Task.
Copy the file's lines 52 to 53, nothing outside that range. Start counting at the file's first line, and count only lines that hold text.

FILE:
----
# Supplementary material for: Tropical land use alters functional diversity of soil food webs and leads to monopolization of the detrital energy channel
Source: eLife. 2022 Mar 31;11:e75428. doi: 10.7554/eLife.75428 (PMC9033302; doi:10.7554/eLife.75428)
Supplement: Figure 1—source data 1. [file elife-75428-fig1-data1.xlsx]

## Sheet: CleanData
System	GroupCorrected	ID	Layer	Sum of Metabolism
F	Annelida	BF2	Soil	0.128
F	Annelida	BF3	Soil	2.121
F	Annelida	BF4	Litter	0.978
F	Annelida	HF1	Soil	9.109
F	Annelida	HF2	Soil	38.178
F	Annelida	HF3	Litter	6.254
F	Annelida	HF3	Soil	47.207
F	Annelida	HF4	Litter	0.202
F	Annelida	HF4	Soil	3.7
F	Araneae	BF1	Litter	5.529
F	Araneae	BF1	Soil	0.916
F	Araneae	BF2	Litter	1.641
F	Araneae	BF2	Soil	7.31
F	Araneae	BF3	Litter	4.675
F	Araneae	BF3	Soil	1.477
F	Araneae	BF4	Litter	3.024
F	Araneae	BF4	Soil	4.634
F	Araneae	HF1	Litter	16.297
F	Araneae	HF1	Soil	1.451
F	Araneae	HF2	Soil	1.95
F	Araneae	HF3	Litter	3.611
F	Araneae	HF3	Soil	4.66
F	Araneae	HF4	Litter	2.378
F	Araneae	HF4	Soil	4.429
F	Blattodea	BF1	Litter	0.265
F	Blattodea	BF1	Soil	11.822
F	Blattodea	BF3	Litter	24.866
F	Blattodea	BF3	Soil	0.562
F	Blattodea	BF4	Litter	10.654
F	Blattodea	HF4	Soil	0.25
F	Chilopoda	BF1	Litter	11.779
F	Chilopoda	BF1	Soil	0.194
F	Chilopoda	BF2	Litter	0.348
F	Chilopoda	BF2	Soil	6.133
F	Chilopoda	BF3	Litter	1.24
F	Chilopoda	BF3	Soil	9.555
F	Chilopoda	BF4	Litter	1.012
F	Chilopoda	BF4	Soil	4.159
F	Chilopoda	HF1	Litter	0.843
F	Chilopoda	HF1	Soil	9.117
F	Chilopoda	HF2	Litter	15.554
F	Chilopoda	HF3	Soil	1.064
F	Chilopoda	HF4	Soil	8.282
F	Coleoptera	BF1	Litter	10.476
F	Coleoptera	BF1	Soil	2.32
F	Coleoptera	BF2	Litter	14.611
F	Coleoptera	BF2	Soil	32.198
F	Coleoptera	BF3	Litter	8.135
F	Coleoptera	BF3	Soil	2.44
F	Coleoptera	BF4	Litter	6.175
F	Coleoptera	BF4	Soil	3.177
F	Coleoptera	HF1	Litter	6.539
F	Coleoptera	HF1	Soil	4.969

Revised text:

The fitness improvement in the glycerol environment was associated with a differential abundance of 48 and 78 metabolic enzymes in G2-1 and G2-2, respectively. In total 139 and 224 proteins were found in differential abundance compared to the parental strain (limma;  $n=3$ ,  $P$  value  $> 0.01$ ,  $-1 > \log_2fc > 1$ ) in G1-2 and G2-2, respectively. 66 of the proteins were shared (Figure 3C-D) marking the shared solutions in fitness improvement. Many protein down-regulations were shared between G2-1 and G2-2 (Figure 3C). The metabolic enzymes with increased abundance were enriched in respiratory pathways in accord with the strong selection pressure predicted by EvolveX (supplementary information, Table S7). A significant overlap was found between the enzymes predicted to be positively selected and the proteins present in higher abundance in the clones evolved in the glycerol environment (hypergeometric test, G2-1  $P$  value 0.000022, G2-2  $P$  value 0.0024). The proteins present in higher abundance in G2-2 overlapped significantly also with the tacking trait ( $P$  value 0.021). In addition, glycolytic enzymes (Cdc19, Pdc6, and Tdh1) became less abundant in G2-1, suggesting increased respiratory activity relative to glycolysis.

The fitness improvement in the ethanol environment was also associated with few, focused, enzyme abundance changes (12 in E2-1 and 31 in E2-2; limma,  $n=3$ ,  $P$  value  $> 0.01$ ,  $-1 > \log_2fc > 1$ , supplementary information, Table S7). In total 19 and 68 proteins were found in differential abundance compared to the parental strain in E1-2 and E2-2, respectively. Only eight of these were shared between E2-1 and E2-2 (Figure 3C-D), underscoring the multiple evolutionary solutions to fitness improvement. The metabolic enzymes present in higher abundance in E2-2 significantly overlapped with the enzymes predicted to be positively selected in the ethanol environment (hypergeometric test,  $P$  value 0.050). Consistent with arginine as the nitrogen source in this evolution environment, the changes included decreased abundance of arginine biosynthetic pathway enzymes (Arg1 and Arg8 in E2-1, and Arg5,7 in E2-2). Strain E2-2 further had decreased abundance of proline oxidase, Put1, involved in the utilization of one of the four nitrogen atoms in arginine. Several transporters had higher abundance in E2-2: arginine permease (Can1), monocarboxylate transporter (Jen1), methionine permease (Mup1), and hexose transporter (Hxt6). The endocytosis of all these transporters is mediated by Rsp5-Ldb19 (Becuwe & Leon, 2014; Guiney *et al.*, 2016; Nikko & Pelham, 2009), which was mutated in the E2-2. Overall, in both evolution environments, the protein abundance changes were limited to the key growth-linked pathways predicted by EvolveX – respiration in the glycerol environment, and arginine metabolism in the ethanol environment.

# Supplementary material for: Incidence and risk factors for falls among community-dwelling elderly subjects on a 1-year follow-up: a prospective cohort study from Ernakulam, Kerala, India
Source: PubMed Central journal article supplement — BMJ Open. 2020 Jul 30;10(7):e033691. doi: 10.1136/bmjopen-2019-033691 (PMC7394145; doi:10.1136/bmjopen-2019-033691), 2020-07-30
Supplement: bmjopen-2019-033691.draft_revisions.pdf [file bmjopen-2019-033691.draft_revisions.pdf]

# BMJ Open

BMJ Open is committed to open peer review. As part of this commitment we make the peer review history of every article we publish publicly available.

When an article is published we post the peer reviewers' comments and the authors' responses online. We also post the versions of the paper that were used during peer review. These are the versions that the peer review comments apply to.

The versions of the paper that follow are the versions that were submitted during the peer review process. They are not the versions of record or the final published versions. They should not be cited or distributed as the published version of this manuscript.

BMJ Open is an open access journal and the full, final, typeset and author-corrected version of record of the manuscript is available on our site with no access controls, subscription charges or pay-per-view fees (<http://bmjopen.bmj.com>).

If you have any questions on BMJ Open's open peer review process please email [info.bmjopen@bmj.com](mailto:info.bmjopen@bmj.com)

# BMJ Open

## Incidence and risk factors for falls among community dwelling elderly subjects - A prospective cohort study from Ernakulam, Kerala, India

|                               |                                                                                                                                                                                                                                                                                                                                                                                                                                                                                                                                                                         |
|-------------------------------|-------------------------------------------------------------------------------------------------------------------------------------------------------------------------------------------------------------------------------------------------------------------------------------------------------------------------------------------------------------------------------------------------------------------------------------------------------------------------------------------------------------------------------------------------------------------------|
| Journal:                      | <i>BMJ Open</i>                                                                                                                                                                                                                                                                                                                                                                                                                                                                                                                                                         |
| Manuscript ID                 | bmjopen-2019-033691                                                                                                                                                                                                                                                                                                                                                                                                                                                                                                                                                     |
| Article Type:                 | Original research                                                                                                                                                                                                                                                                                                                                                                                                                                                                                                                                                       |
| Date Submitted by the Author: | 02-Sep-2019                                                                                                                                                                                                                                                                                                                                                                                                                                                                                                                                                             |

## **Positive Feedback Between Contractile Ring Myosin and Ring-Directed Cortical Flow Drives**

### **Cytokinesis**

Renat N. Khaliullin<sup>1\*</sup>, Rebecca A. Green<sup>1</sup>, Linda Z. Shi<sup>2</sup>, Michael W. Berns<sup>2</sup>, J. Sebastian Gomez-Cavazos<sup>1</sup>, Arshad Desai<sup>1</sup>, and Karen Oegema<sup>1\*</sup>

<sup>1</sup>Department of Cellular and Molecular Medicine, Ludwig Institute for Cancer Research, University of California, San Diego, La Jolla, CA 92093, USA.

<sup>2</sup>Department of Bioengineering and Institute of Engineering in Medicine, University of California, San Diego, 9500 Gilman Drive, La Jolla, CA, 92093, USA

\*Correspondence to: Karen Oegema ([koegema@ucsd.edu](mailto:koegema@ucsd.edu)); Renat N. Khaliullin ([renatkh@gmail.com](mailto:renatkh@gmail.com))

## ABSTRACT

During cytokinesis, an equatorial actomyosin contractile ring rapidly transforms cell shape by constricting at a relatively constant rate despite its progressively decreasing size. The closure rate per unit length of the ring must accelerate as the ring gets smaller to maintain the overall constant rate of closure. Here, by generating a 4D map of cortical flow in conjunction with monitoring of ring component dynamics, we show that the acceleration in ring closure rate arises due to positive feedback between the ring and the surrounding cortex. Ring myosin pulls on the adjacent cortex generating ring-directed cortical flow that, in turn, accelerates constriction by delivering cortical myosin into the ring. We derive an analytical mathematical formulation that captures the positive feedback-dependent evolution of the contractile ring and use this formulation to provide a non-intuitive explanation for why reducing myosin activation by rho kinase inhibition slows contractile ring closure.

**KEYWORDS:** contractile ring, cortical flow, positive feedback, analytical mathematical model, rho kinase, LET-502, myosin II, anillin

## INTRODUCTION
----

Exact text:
F	Coleoptera	BF2	Soil	32.198
F	Coleoptera	BF3	Litter	8.135